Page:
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and terrible.

99. Discovery of a curious Greek fragment.

100. Athenian vision.

101. Athenian vision concluded.

102. Upon the taste for acting private plays.

103. Anecdotes of Jack Gayless.

104. Memoirs of a sentimentalist.

105. Conclusion of the above.

106. Observations on the passions,

107. The character of a flatterer.

108. The flatterer reformed.

THE

OBSERVER.

NUMBER LII.

Singula lætus
Exquiritque, auditque, virum monumenta priorum.

VIRGIL.

Of all our dealers in second-hand wares, few bring their goods to so bad a market, as those humble wits who retail other peoples' worn-out jokes. A man's good sayings are so personally his own, and depend so much upon manner and circum. stances, that they make a poor figure in other peo. ple's mouths, and suffer even more by printing than they do by repeating : It is also a very difficult thing to pen a witticism ; for by the time we have adjusted all the descriptive arrangements of this man said, and tother man replied, we have miserably blunted the edge of the repartee. These difficulties however have been happily overcome by Mr. Joseph Miller and other facetious compilers, whose works are in general circulation, and may be heard of in most clubs and companies where gentlemen meet, who love to say a good thing without the trouble of inventing it. We are also in a fair train of knowing every thing that a late celebrated author said, as well as wrote, without an exception even of his most secret ejaculations. We may judge how valuable these diaries will be to posterity, when we reflect how much we should now be edified, had any of the ancients given us as minute a collectanea of their illustrious contempo. raries.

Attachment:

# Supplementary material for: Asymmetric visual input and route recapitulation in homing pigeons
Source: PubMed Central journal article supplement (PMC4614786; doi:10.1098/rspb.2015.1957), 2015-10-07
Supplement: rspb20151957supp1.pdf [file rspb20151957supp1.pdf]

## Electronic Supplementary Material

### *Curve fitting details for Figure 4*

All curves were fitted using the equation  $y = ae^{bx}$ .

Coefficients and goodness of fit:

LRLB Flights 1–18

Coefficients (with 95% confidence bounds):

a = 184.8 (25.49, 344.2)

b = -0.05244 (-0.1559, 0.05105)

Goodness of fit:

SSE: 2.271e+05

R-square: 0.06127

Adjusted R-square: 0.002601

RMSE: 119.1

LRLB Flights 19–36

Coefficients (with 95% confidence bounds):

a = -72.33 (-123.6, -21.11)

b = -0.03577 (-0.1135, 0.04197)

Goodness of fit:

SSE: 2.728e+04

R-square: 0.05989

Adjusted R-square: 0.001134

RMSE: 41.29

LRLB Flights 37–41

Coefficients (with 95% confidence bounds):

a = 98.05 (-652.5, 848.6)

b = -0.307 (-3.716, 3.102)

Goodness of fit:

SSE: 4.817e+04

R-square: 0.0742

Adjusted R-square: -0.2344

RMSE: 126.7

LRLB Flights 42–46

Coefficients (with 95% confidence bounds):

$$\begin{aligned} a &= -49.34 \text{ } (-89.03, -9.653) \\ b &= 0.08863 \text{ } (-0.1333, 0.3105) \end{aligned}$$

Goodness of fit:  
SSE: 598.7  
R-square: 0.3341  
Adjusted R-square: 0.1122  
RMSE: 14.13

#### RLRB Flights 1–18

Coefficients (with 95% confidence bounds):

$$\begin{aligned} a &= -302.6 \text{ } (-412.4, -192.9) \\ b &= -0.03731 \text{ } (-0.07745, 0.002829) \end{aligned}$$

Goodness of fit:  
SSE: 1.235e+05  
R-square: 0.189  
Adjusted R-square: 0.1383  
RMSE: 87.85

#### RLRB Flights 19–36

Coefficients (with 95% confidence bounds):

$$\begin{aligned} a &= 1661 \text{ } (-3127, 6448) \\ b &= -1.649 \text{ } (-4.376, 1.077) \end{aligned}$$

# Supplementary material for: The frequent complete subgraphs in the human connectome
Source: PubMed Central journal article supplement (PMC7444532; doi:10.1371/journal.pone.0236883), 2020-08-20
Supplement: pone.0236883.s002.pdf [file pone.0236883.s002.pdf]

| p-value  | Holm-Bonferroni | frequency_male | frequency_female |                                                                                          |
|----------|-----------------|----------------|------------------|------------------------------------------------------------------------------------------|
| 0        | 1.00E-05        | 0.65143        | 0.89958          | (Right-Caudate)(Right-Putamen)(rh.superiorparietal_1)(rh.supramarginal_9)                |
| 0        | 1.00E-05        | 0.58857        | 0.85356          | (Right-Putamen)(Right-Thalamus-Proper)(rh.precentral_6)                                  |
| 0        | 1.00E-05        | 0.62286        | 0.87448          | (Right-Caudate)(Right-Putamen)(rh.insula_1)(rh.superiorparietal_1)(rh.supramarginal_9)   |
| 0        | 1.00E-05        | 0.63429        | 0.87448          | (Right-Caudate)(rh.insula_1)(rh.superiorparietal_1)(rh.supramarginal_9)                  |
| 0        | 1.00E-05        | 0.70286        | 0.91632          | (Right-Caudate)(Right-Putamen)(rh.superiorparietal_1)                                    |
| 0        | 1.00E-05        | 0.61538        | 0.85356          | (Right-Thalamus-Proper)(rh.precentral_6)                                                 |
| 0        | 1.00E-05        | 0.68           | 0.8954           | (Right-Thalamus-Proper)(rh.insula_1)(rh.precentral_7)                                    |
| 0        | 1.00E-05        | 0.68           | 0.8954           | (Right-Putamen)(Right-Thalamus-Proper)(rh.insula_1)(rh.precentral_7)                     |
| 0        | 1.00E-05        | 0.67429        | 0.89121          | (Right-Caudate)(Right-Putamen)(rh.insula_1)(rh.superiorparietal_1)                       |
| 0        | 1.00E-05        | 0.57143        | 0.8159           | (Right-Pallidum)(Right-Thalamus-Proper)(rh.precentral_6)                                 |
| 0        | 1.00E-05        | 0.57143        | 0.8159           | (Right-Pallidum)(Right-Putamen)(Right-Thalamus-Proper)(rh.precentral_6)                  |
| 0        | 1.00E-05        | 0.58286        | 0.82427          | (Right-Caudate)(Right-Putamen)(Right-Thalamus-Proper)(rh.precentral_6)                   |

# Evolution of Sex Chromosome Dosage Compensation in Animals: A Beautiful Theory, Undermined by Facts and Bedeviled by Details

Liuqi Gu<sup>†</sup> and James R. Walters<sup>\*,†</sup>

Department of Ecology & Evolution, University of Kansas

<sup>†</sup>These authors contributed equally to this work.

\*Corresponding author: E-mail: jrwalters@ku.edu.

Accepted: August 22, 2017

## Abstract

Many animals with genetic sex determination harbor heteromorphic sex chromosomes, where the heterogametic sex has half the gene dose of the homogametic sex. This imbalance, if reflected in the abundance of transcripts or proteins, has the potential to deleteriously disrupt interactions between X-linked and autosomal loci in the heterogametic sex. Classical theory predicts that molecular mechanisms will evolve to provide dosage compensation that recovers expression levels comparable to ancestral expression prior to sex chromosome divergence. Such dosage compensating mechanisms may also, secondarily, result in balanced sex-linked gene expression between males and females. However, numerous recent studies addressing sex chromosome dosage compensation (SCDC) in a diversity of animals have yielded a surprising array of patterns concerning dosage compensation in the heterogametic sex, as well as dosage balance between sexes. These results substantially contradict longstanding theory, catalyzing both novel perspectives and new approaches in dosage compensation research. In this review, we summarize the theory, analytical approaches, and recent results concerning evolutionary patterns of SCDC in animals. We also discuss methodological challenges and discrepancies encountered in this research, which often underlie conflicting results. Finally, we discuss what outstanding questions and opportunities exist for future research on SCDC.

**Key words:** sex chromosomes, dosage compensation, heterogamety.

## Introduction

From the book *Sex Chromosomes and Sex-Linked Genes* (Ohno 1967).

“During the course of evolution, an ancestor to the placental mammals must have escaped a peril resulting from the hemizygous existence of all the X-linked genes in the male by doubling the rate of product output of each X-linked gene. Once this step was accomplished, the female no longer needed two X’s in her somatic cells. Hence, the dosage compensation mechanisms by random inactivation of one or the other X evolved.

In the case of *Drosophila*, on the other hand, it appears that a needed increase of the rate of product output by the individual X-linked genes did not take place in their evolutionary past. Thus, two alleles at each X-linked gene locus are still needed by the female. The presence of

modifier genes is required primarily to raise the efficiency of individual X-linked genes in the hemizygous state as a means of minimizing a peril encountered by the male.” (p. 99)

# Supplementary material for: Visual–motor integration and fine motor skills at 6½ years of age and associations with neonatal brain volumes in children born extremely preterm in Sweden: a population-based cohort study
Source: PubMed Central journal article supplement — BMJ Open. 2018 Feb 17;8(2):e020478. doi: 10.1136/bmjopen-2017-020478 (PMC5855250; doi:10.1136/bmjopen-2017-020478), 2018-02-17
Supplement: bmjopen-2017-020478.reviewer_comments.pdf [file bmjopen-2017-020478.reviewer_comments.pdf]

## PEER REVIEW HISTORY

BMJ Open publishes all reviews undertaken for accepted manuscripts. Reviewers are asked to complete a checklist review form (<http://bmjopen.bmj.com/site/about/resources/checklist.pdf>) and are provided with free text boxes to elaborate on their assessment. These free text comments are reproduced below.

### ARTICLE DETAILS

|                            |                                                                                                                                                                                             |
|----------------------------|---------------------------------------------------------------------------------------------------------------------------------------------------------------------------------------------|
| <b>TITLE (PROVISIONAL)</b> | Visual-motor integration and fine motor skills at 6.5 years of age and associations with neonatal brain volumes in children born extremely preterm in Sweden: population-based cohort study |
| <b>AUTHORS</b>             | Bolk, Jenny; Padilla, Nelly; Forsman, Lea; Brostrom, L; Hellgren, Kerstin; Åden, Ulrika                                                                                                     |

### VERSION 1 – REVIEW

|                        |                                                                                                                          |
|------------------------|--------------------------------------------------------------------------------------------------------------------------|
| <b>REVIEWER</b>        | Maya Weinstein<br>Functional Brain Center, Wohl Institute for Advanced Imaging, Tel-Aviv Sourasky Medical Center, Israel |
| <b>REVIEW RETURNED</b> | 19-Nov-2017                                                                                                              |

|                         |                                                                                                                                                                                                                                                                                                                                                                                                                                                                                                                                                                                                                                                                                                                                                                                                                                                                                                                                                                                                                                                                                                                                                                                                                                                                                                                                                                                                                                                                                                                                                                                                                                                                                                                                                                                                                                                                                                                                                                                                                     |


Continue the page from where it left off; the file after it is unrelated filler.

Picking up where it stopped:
VOL, XXXIX.

B

We have, it is true, a few of Cicero's table-jokes : but how delightful would it be to know what he said, when nobody heard him! Hlow piously he reproached himself when he laid in bed too late in a morning, or eat too heartily at Hortensius's or Cæsar's table. We are told indeed that Cato the Censor loved his jest, but we should have been doubly glad to have partaken of it: what a pity it is that nobody thought it worth their wbile to record some pleasanter specimen than Macrobius has given us-of his retort upon Q. Albidius, a glutton and a spendthrift, when his house was on fire What he could not eat, he has burnt,' said Cato ; where the point of the jest lies in the allusion to a particular kind of sacrifice, and the good humour of it with himself. It was better said by P. Syrus the actor, when he saw one Mucius, a malevolent fellow, in a very melavcholy mood-Either some ill fortune has befallen Mucius, or some good has happened to one of his acquaintance.'

A man's fame shall be recorded to posterity by the trilling merit of a jest, when the great things he has done would else have been buried in oblivion : Who would now have know that L. Mallius was once the best painter in Rome, if it was not for his repartee to Servilius Geminus ? "You paint better than you model,' says Geminus, pointing to Mal. lius's children, who were crooked and ill favoured. -Like enough,' replied the artist; I paint in the daylight, but I model, as you call it, in the dark.'

Cicero, it is well known, was a great joker, and some of his good sayings have reached us; it does not appear as if his wit had been of the malicious sort, and yet Pompey, whose temper could not stand a jest, was so galled by him, that he is re. ported to have said with great bitterness--. Oh ! That Cicero would go over to my enemies, for then

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